In philosophy, there is a concept called teleology, which says that all behavior is outcome or goal-driven. When you go to the bathroom, you’re being driven by an outcome. When you unconsciously reach for your cell phone, you’re being driven by an outcome. All behavior is outcome-driven.

A lot of writers and creators say that process matters more than anything, even though their process is entirely driven by outcomes. Even if those outcomes are purely emotional.

The main point is this: What got you here won’t get you there. As your goal changes, you must adjust your process. Don’t get stuck in any single stage for too long, just because you love the process. Be willing to evolve, as James has done, to reach higher levels of success. Far too many writers and entrepreneurs get stuck in a single stage of their development because they get stuck doing things a certain way.

Specific Strategies

If you want to have your work reach millions of people and if you want to make millions of dollars, there are certain skills you need to develop.


“Read a thousand books, and your words will flow like a river.”

— Lisa See

You need to be obsessed with learning. You have to be curious and excited about specific topics — so much so that you’re willing to go deeper than other people have gone, to make connections that other people have yet to make.

The more you learn, the better your work will be. But you’ve got to learn with a purpose. If you have a specific project you’re working on, then your learning will have a purpose. You won’t just be consuming information to distract yourself. You’ll be researching. You’ll be digging. You’ll genuinely be looking for answers to your own questions and to the questions of your readers.

Journaling, sketching, mind-mapping

“Private victories precede public victories. You can’t invert that process any more than you can harvest a crop before you plant it.”

— Stephen R. Covey

Learning is an active process. It’s not just about consuming information. Real learning is imaginative and creative. You’ve got to actively think about your ideas and play with them.

This is why journaling, drawing pictures, or creating mind-maps is so important. My journaling is very sketchy.

Journaling or mind-mapping is like a musician jamming. You need a safe creative environment to play with, tweak, mix, and test your ideas. If you make a regular habit of private practice, then your public work will start looking really good.

Journaling is also a great place to imagine and affirm not only your desired future self but also to affirm and build confidence in your writing. Affirmations are powerful. They train you to believe, hope for, anticipate, expect, and act from your desired circumstances.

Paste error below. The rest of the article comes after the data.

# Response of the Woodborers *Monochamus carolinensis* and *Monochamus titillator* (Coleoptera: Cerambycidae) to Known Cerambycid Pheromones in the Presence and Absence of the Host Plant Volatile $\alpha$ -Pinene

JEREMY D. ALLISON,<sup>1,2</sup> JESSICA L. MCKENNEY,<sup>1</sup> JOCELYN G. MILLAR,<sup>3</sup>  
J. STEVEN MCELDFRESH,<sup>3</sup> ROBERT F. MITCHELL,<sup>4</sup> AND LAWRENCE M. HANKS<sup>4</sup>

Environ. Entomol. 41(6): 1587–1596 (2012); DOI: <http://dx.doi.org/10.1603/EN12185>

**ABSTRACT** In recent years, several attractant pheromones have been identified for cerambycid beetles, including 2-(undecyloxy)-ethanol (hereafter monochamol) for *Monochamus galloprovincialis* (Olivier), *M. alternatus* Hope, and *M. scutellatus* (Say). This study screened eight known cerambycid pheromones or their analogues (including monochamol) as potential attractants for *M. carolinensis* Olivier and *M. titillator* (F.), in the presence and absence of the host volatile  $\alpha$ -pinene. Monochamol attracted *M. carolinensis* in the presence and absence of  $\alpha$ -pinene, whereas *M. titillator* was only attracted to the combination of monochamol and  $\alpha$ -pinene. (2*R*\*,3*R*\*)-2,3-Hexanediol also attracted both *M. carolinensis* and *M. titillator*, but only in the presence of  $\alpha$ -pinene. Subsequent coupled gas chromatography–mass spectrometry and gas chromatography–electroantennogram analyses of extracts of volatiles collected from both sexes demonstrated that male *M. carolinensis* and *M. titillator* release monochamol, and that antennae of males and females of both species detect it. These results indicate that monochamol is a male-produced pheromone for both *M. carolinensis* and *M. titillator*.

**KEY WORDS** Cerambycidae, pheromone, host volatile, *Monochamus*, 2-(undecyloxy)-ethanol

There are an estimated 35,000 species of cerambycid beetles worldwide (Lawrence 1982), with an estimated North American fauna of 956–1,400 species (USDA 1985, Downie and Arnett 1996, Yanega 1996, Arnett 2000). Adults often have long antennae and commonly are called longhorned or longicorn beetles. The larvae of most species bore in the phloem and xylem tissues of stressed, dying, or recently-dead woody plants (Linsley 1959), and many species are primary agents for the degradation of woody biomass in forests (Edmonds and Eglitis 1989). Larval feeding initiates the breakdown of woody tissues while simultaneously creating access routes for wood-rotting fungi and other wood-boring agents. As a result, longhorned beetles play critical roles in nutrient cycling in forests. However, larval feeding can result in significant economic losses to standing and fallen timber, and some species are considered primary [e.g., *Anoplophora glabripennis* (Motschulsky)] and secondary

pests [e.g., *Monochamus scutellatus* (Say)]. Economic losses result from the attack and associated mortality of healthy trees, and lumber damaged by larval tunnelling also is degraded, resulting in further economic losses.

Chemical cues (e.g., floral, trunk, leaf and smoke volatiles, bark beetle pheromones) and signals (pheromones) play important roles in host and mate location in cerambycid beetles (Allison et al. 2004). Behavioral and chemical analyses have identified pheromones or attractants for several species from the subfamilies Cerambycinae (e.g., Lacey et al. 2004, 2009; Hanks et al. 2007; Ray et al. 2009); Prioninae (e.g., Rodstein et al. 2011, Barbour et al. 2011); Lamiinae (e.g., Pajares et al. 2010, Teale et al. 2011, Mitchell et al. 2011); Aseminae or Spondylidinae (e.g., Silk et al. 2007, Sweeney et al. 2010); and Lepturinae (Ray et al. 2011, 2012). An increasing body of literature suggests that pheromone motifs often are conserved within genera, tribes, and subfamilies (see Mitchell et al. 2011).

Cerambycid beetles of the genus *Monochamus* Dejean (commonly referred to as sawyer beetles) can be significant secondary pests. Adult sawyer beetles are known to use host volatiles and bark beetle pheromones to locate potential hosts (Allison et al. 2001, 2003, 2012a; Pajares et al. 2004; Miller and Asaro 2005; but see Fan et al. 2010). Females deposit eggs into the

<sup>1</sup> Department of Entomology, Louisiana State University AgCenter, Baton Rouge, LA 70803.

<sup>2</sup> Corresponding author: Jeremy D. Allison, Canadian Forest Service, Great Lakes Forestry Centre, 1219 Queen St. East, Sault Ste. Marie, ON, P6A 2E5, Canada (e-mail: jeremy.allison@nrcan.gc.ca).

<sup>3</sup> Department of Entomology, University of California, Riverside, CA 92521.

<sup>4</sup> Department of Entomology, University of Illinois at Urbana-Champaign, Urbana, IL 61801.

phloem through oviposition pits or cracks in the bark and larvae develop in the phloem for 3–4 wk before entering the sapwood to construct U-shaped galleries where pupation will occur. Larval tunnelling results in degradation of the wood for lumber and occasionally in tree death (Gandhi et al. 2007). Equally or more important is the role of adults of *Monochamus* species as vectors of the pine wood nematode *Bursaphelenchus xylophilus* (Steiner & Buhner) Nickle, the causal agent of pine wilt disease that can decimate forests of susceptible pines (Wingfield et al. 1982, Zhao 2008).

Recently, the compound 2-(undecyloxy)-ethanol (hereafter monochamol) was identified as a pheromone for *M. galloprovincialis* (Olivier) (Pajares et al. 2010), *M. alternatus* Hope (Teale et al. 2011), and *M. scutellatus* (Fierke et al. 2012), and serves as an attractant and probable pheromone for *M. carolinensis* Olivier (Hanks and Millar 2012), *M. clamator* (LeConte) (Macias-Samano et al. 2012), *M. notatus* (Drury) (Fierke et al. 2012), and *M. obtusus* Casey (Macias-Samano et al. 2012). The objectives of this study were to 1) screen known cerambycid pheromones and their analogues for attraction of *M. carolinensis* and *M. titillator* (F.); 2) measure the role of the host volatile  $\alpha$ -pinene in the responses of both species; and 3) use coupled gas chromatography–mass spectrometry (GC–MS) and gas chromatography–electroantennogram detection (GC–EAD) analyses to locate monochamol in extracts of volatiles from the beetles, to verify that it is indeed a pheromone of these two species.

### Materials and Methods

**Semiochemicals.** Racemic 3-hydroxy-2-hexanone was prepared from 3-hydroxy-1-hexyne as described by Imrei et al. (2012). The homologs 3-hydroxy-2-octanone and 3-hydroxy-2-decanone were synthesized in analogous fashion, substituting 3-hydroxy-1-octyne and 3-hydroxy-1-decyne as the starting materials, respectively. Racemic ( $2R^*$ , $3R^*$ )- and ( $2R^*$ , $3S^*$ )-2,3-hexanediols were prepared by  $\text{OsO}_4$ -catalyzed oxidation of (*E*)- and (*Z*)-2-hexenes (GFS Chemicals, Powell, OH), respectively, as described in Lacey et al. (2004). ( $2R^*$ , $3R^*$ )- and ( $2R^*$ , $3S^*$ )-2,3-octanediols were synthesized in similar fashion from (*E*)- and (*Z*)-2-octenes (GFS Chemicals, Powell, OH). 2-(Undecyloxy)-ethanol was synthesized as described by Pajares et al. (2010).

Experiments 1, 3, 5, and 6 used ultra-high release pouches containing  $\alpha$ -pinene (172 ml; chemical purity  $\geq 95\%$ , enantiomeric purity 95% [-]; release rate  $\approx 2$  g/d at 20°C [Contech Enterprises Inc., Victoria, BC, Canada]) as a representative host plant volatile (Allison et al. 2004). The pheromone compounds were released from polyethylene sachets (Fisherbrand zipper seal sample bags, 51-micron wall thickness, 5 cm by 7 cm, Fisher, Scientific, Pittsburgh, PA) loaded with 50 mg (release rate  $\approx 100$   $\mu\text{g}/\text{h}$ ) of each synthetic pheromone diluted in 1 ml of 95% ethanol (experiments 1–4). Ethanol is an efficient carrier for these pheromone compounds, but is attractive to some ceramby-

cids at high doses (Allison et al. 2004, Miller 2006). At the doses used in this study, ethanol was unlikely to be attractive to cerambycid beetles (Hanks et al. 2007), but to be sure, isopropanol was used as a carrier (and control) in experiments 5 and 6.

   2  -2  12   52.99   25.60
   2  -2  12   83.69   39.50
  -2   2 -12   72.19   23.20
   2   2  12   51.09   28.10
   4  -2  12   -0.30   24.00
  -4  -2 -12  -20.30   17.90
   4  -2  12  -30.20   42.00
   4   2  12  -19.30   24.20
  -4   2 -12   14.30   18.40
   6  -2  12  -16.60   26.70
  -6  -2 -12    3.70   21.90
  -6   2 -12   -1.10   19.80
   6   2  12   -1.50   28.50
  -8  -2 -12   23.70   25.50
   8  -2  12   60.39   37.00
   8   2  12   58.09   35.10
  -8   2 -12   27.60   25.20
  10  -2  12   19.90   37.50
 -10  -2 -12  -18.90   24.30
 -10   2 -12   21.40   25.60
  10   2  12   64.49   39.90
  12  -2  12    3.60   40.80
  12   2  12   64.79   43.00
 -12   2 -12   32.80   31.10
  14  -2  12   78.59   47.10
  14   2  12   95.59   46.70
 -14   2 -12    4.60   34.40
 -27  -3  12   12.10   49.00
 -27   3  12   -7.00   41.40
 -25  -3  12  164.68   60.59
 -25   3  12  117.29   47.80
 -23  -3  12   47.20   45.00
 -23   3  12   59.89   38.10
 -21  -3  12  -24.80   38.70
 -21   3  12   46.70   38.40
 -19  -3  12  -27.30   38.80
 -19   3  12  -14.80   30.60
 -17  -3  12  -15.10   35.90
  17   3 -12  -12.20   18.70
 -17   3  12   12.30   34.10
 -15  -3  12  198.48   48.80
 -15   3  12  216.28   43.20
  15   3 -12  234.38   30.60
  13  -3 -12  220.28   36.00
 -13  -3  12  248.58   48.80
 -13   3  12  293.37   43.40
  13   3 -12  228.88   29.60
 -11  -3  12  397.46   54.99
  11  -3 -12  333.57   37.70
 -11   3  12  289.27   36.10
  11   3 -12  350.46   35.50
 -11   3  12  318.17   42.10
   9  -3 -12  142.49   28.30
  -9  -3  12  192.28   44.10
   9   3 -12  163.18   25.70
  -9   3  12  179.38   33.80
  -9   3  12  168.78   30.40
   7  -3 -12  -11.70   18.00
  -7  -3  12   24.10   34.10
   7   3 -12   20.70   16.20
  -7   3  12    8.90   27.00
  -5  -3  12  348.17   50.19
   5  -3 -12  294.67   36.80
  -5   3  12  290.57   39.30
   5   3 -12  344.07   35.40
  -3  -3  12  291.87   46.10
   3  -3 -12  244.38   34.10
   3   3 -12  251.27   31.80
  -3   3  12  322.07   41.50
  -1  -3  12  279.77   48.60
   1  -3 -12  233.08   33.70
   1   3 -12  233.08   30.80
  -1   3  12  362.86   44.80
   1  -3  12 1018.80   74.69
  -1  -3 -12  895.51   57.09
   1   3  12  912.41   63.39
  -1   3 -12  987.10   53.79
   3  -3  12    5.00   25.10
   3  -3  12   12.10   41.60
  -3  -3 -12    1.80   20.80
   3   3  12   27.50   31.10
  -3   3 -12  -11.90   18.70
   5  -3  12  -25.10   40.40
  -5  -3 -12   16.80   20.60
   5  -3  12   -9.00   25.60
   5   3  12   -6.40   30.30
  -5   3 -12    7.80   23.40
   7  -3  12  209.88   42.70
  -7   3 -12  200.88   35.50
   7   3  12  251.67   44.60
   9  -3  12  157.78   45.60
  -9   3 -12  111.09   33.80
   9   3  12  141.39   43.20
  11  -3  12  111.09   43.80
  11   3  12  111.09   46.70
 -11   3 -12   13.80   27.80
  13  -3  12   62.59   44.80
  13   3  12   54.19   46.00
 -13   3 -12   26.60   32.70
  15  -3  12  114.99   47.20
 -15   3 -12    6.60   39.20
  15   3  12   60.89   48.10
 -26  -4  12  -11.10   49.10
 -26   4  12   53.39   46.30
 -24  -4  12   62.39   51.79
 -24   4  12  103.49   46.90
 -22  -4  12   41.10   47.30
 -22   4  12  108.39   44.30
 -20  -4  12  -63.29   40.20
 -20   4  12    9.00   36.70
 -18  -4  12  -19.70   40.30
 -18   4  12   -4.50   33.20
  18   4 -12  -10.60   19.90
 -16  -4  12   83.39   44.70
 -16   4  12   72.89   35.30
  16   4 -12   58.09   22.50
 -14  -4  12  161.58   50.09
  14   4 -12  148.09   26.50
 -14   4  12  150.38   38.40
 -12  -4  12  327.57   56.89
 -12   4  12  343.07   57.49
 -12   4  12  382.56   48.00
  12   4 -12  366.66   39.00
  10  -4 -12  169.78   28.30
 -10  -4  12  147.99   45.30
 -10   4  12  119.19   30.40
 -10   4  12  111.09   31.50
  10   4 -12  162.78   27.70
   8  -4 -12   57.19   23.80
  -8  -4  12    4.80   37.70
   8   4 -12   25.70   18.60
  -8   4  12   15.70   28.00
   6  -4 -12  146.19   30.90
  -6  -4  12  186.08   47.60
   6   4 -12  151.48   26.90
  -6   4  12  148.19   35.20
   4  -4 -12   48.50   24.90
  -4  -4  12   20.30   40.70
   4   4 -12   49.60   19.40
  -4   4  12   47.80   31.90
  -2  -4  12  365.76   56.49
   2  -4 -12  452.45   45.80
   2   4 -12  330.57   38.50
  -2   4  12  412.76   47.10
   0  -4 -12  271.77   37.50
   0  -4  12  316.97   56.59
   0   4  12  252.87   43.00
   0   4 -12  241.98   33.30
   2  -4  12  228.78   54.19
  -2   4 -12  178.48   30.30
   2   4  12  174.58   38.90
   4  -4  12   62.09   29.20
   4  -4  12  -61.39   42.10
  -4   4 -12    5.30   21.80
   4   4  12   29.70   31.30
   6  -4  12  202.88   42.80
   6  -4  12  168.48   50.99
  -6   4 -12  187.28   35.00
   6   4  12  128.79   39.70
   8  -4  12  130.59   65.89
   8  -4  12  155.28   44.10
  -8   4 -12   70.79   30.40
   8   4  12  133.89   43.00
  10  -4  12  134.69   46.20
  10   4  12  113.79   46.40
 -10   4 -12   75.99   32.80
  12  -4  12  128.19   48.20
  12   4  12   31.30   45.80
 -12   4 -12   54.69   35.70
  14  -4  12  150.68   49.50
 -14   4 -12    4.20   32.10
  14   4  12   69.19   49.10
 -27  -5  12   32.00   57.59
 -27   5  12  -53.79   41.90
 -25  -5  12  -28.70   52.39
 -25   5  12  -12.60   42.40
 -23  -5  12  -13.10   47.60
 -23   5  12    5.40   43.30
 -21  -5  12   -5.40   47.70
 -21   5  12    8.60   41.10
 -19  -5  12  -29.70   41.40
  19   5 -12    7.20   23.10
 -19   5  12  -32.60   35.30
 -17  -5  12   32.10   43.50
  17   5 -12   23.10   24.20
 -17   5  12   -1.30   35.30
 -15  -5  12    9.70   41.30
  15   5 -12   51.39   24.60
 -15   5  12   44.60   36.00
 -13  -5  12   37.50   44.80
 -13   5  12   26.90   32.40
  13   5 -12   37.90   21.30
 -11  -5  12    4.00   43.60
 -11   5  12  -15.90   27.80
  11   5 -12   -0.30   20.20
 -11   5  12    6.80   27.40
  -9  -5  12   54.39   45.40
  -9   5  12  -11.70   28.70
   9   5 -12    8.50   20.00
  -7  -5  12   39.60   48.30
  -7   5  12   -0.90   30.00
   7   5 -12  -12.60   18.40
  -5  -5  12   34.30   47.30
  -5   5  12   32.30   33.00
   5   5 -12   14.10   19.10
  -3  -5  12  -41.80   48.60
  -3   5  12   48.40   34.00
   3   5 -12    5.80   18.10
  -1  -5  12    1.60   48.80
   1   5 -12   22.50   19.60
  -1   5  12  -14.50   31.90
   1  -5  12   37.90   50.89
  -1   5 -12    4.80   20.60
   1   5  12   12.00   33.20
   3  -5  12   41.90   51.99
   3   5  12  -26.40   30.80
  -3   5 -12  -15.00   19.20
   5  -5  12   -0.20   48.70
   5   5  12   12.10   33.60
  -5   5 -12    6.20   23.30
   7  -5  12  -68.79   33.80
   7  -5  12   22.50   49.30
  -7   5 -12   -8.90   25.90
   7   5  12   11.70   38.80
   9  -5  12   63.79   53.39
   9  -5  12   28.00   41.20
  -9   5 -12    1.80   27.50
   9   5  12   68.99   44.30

If you want to rise above the noise, affirmations definitely help. Write about where you want to be in three years. Write about the type of writer you want to be, and where you want to be in your career. Before starting a writing session, meditate, pray, journal, and affirm what’s going to happen in that writing session.


I’ve had to delete several of my biggest articles on Medium due to rule changes on the platform over the years, but the above image has some of my top blog posts on this platform.

One thing you’ll notice is that, almost always, the best-performing articles have titles with numbers in them. They are outcome-focused and strategic.

For example, “This” morning routine… Not just a morning routine, but THIS specific morning routine will save you 20+ hours per week.

If you’re too busy for “These”5 things… Not just 5 things, but THESE 5 things, then you’re life is more off-course than you think.

This article is called, “This 10-Minute Routine Will Increase Your Clarity and Creativity.” Again… not any 10-minute routine, but THISone. This title is specific, includes numbers, and is outcome-focused.

When it comes to headlines, the bolder the better. I once heard Ryan Holiday say that you should basically be daring someone to click and find out what’s inside. If you don’t get good at headlines, you’re not going to succeed as a writer.

Call to action

At the end of your article, you need a call to action (CTA). Over the years, Medium has changed its rules on this. For the first three years I wrote, you could have a bold CTA at the end of your article. With my CTA, for over two yearsstraight,I was getting over 20,000 new email subscribers monthly.

Then, CTAs were disallowed, and the algorithms changed quite a bit. For over a year (during 2019 and 2020), you couldn’t really include a CTA at the bottom of your article if you wanted to be distributed on the platform. They’ve since changed the rule to some extent, but there are now stricter rules as far as what makes a kosher CTA.